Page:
On May 28, 2020, the Commodity Futures Trading Commission (CFTC) unanimously approved an interim final rule in order to grant an extension of the compliance schedule for uncleared swaps in response to the many operational challenges entities are facing in the wake of the COVID-19 (coronavirus) pandemic. It also approved a proposed rule exempting certain foreign persons from registration as a commodity pool operator (CPO). Recently, the CFTC extended previous waves of no-action relief in response to the coronavirus.
On June 11, the European Commission (the “EC”) opened for feedback a trio of draft delegated acts that, if adopted, would constitute a major step toward cohesive global regulation of international securities and derivatives markets. Specifically, the delegated acts (see here, here, and here) would allow certain central counterparties in non-EU Member States (“third-country CCPs”) to submit a request to the European Securities and Markets Authority (“ESMA”) to grant a recognition of comparable compliance. If granted, the third country’s regulatory framework would be deemed to satisfy compliance with EU regulatory requirements, which would enable the third-country CCP to serve EU market participants. The draft delegated acts also specify the criteria to be applied by ESMA when considering such requests, and the fees to be paid by third-country CCPs.
As we have written previously, cross-border swaps reform has been an important – and contentious – area of focus for securities and derivatives regulators in recent years. The adoption of comparable compliance frameworks by regulators would significantly reduce administrative and regulatory burdens on market participants and promote global regulatory cohesion. For this reason, U.S. CFTC Chairman Heath P. Tarbet praised the EC for the draft delegated acts. In his remarks, Chairman Tarbert signaled that the CFTC would explore ways to defer to EU and other regulators as appropriate, stating that deference “is a two-way street.”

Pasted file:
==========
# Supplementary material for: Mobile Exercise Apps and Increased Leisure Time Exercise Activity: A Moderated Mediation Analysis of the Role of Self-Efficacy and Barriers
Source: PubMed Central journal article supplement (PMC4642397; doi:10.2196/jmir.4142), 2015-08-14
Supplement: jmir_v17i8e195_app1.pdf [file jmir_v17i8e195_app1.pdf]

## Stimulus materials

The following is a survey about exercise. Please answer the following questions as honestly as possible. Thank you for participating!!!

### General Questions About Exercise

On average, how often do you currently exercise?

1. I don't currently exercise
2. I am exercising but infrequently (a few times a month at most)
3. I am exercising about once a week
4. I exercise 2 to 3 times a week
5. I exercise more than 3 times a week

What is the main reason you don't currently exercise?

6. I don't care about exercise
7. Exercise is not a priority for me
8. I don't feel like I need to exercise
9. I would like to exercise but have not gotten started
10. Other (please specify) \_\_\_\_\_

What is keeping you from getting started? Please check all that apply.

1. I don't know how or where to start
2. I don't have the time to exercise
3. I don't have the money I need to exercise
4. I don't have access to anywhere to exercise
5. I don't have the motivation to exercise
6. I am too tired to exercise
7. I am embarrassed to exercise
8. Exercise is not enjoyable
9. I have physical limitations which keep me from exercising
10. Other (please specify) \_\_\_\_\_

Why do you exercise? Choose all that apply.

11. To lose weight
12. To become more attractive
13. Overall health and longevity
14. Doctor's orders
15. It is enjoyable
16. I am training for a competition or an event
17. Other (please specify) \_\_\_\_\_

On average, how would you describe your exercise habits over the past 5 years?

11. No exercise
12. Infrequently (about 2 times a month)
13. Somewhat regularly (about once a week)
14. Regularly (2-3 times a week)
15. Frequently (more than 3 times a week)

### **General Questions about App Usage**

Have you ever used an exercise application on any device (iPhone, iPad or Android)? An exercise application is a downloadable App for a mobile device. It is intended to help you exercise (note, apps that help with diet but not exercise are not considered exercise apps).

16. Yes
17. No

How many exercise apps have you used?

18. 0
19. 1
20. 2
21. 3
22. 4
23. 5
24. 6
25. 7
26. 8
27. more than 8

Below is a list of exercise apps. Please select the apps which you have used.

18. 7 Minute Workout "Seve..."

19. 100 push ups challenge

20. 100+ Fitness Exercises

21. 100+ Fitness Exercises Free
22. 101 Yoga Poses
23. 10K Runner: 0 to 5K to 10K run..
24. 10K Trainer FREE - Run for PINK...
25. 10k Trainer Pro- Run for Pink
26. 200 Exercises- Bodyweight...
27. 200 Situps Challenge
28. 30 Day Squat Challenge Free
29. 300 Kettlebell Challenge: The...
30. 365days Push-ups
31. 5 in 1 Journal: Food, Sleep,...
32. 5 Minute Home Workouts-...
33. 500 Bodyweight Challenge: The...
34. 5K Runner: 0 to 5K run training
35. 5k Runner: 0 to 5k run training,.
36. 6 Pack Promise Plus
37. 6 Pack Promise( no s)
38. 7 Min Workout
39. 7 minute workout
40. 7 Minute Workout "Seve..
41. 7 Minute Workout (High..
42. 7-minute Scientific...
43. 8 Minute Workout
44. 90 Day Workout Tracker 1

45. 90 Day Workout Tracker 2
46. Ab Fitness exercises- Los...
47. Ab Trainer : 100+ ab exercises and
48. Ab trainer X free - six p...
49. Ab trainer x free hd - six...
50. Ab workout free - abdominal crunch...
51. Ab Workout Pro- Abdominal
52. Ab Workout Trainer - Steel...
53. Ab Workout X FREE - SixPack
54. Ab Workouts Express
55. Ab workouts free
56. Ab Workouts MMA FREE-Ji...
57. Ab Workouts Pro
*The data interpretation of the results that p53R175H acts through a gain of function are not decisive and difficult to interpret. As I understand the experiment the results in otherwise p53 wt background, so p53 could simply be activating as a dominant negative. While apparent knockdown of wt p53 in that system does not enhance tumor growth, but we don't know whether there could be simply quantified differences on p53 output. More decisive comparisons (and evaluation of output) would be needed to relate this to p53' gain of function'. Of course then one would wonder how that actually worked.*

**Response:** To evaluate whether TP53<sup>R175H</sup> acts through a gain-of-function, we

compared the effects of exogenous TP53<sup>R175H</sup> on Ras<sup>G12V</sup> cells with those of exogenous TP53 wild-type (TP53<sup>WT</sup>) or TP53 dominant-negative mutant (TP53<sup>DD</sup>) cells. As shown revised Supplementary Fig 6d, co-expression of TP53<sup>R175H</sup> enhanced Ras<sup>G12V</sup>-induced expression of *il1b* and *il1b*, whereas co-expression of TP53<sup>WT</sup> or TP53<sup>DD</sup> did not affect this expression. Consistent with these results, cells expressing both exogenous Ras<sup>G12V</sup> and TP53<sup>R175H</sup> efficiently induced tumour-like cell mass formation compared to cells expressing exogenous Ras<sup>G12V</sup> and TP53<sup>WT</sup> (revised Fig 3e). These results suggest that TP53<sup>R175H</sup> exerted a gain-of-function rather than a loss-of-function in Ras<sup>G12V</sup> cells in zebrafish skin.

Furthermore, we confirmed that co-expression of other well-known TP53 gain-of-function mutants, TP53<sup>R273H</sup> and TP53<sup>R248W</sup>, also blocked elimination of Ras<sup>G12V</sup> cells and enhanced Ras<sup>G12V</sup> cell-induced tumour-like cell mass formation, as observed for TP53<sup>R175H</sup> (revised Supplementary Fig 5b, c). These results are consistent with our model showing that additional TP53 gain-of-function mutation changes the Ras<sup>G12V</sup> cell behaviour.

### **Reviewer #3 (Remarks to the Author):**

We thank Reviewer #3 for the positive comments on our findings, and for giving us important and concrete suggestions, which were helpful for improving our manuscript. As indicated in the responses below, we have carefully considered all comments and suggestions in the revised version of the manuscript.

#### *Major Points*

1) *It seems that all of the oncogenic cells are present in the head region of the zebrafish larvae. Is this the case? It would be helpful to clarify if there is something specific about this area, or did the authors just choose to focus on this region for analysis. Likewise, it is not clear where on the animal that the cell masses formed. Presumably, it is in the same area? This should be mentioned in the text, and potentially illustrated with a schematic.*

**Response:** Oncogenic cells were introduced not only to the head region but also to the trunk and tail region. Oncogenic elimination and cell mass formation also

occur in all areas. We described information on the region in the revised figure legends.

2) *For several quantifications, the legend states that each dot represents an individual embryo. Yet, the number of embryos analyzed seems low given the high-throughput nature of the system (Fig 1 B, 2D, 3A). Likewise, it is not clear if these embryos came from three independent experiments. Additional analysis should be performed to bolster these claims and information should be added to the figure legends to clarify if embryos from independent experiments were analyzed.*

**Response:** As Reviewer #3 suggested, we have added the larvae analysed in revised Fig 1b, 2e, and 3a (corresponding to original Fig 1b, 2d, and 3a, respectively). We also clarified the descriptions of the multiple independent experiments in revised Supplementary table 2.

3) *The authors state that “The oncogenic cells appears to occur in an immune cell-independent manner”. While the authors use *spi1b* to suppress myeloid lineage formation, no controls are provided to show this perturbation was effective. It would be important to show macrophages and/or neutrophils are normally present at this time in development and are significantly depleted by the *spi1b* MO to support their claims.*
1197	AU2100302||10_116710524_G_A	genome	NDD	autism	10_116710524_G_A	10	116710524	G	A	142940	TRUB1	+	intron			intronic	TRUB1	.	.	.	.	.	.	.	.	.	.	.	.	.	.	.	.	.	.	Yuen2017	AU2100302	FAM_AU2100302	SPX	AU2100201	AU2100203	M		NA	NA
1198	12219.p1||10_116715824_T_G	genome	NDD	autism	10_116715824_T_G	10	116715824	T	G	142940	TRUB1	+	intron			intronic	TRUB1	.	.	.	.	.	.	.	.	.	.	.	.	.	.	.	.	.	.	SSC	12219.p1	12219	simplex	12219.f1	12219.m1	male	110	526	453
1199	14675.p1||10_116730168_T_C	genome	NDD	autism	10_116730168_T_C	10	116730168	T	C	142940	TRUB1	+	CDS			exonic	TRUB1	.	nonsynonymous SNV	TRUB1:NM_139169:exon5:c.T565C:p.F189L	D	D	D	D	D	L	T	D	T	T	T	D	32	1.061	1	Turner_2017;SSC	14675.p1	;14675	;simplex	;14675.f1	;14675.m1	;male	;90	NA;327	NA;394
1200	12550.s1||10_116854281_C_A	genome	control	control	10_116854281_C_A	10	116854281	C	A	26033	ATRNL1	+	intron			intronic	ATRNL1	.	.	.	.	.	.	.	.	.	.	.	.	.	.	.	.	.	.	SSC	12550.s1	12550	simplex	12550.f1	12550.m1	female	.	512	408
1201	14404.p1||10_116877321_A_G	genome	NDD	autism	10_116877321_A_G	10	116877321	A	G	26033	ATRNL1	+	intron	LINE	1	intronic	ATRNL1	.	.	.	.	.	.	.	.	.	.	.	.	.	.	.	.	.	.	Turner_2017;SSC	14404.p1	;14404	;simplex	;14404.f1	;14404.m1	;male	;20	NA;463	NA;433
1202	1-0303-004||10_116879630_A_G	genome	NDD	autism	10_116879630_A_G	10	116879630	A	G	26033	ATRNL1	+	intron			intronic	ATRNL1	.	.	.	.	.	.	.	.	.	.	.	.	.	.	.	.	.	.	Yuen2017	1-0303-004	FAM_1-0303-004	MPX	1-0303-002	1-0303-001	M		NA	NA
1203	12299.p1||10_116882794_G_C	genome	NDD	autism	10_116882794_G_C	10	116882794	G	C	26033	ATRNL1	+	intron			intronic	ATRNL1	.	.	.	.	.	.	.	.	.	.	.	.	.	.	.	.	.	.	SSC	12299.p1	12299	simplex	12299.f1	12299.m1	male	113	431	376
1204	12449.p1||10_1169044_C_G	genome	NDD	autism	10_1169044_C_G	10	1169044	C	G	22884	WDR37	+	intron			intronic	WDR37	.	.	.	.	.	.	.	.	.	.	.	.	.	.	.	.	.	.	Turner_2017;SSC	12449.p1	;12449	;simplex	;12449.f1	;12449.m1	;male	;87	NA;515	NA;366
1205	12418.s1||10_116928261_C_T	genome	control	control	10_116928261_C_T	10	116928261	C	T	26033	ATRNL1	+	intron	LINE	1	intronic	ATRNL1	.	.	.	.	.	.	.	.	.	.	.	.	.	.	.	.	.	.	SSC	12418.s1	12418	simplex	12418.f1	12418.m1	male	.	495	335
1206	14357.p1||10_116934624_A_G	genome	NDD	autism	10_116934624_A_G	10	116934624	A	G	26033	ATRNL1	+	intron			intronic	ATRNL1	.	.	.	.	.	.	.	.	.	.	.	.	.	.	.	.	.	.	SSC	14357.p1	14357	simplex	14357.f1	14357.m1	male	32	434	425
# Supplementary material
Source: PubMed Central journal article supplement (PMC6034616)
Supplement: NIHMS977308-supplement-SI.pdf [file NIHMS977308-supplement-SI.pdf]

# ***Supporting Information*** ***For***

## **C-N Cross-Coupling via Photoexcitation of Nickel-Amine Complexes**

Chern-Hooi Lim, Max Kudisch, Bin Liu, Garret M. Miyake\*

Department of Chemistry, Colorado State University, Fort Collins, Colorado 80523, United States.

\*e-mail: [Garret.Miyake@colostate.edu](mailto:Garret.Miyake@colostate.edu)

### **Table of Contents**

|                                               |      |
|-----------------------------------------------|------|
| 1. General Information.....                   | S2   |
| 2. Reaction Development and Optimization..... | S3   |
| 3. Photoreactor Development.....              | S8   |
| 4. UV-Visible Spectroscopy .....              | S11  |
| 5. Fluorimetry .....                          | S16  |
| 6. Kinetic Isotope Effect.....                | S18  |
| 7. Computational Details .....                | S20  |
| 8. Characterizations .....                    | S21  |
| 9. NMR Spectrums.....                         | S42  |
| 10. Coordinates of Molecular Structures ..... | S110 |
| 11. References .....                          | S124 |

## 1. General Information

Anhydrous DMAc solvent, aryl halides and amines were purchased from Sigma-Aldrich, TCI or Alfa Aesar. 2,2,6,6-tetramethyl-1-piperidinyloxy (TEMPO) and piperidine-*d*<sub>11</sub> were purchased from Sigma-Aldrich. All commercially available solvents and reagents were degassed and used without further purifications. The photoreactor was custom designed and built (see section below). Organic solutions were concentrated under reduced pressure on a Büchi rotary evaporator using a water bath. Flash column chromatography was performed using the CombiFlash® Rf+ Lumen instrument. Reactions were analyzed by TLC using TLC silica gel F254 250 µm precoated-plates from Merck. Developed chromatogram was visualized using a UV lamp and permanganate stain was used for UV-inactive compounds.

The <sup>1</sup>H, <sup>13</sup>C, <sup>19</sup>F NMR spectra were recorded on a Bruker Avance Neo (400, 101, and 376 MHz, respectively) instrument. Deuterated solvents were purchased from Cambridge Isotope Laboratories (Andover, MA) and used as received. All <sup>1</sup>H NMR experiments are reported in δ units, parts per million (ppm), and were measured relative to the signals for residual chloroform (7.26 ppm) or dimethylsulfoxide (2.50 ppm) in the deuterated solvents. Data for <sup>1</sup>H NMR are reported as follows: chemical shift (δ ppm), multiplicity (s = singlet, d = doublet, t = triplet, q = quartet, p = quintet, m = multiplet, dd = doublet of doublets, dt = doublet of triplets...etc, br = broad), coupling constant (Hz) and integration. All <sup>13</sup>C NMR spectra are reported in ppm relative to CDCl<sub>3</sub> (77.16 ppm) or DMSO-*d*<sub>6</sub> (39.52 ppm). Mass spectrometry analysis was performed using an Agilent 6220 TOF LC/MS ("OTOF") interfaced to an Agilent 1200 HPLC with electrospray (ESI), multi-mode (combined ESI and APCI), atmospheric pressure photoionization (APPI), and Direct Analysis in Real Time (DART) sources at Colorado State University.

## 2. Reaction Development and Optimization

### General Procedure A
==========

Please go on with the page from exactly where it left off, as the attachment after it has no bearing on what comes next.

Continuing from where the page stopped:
Chairman Tarbert’s comments come on the heels of the recent announcement by the International Organization of Securities Commissions (“IOSCO”) that Chairman Tarbert will serve as a Vice Chair of the IOSCO Board for the 2020–2022 term. Through this new leadership role, Chairman Tarbert will have the opportunity to significantly advance international cooperation among securities and derivatives regulators.
On June 8, 2020, the Federal Reserve Bank of New York (“FRBNY”) published revised FAQs and three updated transaction documents for the Term Asset-Backed Securities Loan Facility (“TALF”). The three documents are the (i) Form of Issuer and Sponsor Certification as to TALF Eligibility for ABS, the Form of Indemnity Undertaking for ABS; (ii) the Form of Auditor Attestation, the Form of Management Report on Compliance; and (iii) Guidance for Accounting Firms in Determining TALF Collateral Eligibility for ABS. The term sheets have not changed. The additional documentation, guidance, and clarifications include the following:
- Redemption options. The rules on redemption options are more lenient for collateralized loan obligations (“CLOs”). The FAQs previously allowed a redemption option in a newly issued ABS only if the option could be exercised no earlier than three years after the disbursement date of the loan secured by the ABS (other than a customary clean-up call) or at any time when the ABS is owned by the FRBNY or TALF II LLC (the “SPV”). The revised FAQs carve out collateralized loan obligations; a redemption option for a CLO that can be exercised no earlier than one year after the issuance date does not affect the CLO’s eligibility, provided that the exercise is subject to a condition that the eligible CLOs and any pari passu class(es) of the securitization are redeemed at their full outstanding principal amount plus any accrued interest outstanding. The lender may exercise the option even if the CLOs are owned by the FRBNY or the SPV.
- Maturity dates. The documents clarify that most classes of existing ABS are eligible only if they mature before the TALF termination debt (presently, Sept. 30, 2020) and after January 1, 2020.
- Junior AAA-rated ABS tranches. Generally, junior AAA-rated ABS tranches are not eligible collateral. The revised FAQs provide that, for the purpose of this restriction, money market eligible tranches for auto loan and equipment loan securitizations are not considered senior to other AAA-rated securities in those transactions.
- Auto loan ABS. Auto loan ABS with any revolving feature must have all of the features of a revolving master trust in order to qualify as eligible collateral.
- Timing. The FAQs also cover various timing issues. For the June 17 subscription date, ABS may be priced no earlier than June 15. ABS priced earlier would be eligible for later subscriptions.
- Issuer and Sponsor Certification. A borrower must provide an Issuer and Sponsor Certification as to TALF Eligibility for ABS. For newly issued ABS, the certification must be included in prospectus or offering document.